“The last thing you want to do is be competing with some other people on the exact same thing. It limits you. It limits your value,” Rose said. He said his research shows that trying to be unique “translates into much higher life satisfaction.”
That’s the opposite of those who compete to be the best, “in which even higher levels of achievement do not correlate with higher life satisfaction or happiness. So there’s something about understanding how to compete, to be unique and achieving on that uniqueness. That matters both for personal fulfillment and the life I want to live, but also ultimately my greatest contribution to society.”
Competition can be good. Social comparisons can help an individual realize certain things are possible that they would not have imagined otherwise. But when we shrink the definition of life success and only value people on a few uniform and narrow dimensions, competition is problematic. Competition is also a problem when we declare, prematurely, that the game is over.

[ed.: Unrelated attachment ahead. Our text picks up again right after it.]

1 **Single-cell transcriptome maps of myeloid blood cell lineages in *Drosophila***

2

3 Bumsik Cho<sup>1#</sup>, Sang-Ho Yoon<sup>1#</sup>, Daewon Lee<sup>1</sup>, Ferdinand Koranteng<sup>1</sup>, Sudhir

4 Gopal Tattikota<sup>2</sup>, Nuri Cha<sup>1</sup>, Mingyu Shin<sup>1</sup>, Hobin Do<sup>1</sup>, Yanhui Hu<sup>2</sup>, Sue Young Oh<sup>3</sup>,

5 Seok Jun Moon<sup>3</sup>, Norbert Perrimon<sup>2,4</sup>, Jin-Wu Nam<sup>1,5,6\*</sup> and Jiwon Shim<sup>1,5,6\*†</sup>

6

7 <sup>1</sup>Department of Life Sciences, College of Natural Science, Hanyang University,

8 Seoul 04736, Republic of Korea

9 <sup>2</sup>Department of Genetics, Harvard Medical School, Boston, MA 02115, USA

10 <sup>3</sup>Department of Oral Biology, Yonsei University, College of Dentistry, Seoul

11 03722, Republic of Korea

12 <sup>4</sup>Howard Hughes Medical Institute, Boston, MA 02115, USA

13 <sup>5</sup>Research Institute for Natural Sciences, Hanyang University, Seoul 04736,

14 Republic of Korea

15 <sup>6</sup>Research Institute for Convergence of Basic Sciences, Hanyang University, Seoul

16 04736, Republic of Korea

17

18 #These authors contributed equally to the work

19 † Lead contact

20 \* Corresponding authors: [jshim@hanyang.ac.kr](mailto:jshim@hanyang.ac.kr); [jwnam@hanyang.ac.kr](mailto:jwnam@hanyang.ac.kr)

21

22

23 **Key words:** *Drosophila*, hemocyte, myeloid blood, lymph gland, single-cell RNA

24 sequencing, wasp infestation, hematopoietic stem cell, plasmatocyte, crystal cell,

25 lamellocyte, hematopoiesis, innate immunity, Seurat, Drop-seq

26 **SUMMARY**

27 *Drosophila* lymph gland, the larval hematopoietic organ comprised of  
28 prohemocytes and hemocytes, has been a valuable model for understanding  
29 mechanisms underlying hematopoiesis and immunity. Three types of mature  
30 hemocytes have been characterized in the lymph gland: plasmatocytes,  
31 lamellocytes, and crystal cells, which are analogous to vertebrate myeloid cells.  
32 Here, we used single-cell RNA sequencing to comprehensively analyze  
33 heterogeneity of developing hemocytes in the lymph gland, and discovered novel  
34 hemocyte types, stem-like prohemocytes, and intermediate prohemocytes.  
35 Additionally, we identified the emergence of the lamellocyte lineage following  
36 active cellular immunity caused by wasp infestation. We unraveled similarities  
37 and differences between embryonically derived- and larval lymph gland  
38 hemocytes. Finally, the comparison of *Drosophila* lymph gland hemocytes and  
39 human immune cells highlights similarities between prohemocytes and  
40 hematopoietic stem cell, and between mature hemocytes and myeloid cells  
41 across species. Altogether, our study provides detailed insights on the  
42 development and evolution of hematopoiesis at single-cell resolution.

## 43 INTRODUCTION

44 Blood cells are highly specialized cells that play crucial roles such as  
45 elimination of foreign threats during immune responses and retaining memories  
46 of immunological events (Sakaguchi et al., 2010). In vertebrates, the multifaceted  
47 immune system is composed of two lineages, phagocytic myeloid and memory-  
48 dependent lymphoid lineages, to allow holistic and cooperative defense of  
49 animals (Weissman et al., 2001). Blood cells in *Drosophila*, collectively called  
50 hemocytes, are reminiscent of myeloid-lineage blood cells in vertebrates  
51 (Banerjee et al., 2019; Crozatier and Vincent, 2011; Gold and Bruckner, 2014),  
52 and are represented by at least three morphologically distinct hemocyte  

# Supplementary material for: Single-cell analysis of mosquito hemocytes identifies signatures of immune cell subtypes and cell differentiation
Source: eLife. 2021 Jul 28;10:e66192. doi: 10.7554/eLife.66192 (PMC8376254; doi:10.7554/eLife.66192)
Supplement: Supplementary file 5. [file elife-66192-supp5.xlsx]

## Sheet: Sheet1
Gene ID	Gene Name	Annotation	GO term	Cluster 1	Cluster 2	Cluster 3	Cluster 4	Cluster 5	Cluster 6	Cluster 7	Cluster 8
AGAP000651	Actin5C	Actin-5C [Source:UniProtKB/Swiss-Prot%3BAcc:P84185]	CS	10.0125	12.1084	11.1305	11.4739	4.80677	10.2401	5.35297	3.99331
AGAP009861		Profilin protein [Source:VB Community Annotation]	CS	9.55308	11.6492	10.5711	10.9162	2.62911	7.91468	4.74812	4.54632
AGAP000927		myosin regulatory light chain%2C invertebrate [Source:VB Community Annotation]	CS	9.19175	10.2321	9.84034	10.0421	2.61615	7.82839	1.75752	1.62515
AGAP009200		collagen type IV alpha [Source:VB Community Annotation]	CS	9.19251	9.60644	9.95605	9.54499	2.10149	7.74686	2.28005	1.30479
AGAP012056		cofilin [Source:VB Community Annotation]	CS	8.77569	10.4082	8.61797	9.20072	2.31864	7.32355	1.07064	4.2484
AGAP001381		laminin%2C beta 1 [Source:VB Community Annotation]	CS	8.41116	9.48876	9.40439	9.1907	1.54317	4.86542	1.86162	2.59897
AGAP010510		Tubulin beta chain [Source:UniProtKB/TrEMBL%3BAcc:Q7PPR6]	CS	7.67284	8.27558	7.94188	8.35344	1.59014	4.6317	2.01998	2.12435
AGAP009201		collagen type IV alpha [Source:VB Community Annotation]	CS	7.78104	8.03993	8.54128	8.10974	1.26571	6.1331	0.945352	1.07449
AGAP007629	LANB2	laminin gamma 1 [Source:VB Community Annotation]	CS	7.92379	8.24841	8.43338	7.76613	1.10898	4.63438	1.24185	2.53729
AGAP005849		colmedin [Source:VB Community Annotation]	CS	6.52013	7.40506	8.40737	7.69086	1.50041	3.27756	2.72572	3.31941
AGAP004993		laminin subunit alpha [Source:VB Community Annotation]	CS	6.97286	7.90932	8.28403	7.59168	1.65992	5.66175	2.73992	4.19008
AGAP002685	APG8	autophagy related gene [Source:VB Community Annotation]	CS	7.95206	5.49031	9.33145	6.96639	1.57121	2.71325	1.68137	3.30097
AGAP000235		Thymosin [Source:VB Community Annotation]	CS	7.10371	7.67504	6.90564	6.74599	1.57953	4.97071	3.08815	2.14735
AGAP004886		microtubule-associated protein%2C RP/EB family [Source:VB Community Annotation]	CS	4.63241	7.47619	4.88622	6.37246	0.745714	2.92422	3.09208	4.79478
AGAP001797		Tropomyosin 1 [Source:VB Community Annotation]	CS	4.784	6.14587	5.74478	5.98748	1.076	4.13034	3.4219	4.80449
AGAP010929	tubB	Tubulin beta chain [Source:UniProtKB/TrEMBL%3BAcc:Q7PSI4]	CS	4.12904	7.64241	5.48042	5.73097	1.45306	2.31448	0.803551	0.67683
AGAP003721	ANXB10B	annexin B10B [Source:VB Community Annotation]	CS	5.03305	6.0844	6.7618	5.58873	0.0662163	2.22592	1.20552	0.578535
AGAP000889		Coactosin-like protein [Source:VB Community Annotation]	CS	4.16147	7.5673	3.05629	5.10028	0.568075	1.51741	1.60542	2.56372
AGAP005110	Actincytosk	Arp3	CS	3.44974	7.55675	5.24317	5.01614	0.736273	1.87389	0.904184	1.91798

People don’t learn in a linear way, all on the same path and at the same pace. People develop at different rates. They have different strengths and weaknesses, with different contexts, background knowledge, working memory and cognitive capacities, and social and emotional learning states. It’s vital that we don’t sort students off of a pathway too soon. Instead, we’d be better off creating and illuminating a variety of viable pathways. Customizing is critical to helping every child fulfill their human potential.
A better way forward
Moving to a mastery-based system offers a path to escaping the traditional zero-sum system.
In a traditional education system, teachers often subconsciously compare their students. They do this explicitly when they use a curve to grade the class. Under such a system, there is a cost for a given student to help and support their peers. At worst, providing such help undermines the helping student’s own chance for success and opportunity. When schools are sorting students, comparing them to one another, and doling out scarce opportunities in the form of selective college admissions, there are few incentives to cooperate rather than compete. All of this works against helping students have fun with each other as they learn.